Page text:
“Burn no bridges,” warns Brendon Connelly, author of the popular blog Slacker Manager. Sometimes quitting a job is as loaded as dumping a lover. “I have quit a few jobs and there has been tension because it’s always been for something else,” says Connelly. “You need to lay the groundwork ahead of time for the transition.” Tie up loose ends at the old job and get your files organized to pass on to someone else. “You don’t want to give the old people the shaft.”

9. Be conscious of the shift in the balance of power.
The moment you quit is when you go from being your boss’s underling to your boss’s equal. After all, you are no longer beholden to your boss for a job. At the point of quitting, any more work you do for your boss is out of kindness and respect for the custom of giving notice.

This is one of those times we tend not to see ourselves clearly, writes Daniel Ames, professor at Columbia Business School. Hitting the right note of assertiveness — not too much and not too little — is hard to do. We notice poor balance in our colleagues but rarely notice it in ourselves. So keep in mind that the bottom line of quitting well is assertiveness. Have enough to leave when you need to, but tone down your assertiveness enough to keep your friends and colleagues on your side even as you’re walking out the door.


On some level, it’s fun to quit a job. It’s fun to remind people that they don’t own you. It’s fun to feel that burst of freedom as you walk out the door. But it’s no fun if you don’t quit right.

Before you quit, you need a semi-plan for what you’ll do next: You will either work or play. Pick one. You cannot pick sitting in front of the TV because it is lame and you will be sorry.

If you pick work, then get another job lined up before you quit, because getting a job while you have a job means that your company paid you to job hunt.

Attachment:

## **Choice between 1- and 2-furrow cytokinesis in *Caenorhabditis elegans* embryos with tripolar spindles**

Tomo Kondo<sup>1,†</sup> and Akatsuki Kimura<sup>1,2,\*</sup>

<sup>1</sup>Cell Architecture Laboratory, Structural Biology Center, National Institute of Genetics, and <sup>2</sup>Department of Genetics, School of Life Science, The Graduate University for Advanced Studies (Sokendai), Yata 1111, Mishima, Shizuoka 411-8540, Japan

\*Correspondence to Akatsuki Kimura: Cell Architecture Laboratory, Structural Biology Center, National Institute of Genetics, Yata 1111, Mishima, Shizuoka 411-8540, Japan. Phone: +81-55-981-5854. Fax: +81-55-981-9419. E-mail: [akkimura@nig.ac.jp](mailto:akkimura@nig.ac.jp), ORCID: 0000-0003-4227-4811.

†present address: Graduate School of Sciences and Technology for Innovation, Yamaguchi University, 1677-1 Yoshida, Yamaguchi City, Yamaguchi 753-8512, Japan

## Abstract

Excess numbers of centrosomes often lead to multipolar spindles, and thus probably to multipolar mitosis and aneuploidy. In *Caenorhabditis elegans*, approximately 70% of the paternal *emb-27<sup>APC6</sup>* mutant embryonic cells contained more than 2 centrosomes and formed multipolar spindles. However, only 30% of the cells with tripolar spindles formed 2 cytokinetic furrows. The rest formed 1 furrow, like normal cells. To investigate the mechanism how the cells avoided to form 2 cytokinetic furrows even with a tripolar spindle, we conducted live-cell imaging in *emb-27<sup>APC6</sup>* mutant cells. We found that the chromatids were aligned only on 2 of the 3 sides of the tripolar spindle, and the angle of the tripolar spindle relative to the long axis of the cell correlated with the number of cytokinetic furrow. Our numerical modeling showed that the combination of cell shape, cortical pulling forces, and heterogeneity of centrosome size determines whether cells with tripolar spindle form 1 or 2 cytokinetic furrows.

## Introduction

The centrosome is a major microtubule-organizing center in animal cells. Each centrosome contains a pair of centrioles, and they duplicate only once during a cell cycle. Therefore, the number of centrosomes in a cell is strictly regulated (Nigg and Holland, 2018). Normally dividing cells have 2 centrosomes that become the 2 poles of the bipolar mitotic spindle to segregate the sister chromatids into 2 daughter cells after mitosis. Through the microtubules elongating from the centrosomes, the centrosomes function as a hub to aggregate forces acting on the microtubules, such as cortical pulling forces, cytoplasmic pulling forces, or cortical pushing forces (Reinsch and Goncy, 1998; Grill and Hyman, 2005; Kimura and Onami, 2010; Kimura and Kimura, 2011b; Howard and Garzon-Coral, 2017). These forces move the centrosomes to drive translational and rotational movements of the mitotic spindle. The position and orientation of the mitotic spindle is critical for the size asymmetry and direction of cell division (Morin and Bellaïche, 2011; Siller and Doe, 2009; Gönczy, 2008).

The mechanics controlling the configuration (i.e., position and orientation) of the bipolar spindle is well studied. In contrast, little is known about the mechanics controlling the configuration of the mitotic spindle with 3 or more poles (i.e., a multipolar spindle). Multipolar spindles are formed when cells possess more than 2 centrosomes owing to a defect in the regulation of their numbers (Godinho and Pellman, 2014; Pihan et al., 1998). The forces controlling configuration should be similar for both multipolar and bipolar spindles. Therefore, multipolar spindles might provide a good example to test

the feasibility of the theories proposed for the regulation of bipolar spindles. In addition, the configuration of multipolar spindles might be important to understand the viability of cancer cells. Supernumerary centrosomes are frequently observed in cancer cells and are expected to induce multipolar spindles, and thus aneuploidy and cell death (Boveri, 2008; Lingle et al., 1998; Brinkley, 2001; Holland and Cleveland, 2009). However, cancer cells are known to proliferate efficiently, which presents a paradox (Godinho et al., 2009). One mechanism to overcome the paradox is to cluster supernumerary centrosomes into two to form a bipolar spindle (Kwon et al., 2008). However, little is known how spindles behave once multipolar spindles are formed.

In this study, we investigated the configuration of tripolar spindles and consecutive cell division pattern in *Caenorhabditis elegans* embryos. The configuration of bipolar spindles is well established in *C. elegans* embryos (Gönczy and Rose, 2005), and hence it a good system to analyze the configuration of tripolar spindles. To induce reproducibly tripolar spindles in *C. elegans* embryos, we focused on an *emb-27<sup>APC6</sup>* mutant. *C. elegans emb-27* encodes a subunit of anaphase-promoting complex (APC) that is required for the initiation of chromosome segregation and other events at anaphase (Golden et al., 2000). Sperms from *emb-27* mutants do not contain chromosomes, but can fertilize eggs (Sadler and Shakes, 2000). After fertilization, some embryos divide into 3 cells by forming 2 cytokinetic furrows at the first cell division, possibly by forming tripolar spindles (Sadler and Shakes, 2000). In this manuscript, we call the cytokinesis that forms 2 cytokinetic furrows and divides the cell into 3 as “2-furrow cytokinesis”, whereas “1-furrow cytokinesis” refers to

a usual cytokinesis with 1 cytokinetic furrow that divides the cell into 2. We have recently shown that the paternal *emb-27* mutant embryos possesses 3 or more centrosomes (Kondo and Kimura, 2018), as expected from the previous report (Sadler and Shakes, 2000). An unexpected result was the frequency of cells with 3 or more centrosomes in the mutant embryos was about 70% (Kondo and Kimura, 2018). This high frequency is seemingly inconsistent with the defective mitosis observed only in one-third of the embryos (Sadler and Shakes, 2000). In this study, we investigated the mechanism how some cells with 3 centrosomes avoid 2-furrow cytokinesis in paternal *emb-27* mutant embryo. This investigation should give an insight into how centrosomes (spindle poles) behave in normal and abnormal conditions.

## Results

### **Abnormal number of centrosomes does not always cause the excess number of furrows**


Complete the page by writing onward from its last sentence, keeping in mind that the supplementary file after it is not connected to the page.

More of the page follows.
If you choose to play, make sure you have enough money to play in a way that will actually be fun. One of my most misguided attempts at play was when I took a trip to France and ended up earning room and board by chopping off chicken heads.

Before you quit you also need to make sure the job is the problem. Maybe you are the problem and you are blaming everything on the job so you don’t have to look at yourself. The Occupational Adventure offers a good way to take a look at your life to see what’s really holding you back. Do an honest assessment. If your job is not holding you back, then deal with what is, while you’re gainfully employed. Self-examination is always easier to do when you can pay your rent.

If you really do think quitting is the right decision, here’s how to tell your boss:

1. Be kind, even if you hate your boss, because your boss is not your boss anymore. She is part of your network. And some people who are jerks to work for are actually nice and fun outside of work. You don’t know until you try. So hedge your bets and be gracious on the way out, even if you don’t feel that way.

2. Make sure your boss knows that this is a good move for you. Even if you’re not sure if it’s a good move, tell your boss that it is. We all need to believe in ourselves, or else who will?

3. Put it in writing. Why are there six thousand examples of resignation letters on the Internet? You are not Winston Churchill. You can write one sentence: “I’m leaving this company on [date].” If you want to tell your boss how much you hate her, see rule number one. If you want to nail your boss for illegal behavior, see a lawyer. Don’t tell the company how to fix itself. You are leaving. If they care about your input so much they can pay you as a consultant. Which they will not, because they do not care.

4. If you want a counter-offer, give your boss enough notice to come up with one before you leave. A counter-offer is much less likely to come after you’re gone.

5. Show gratitude for what your boss has done for you. A personal thank you note is a good way to leave because your boss can reread it all the time and remember only the good things about you. This will help when you call your boss for a favor — like when you need a reference.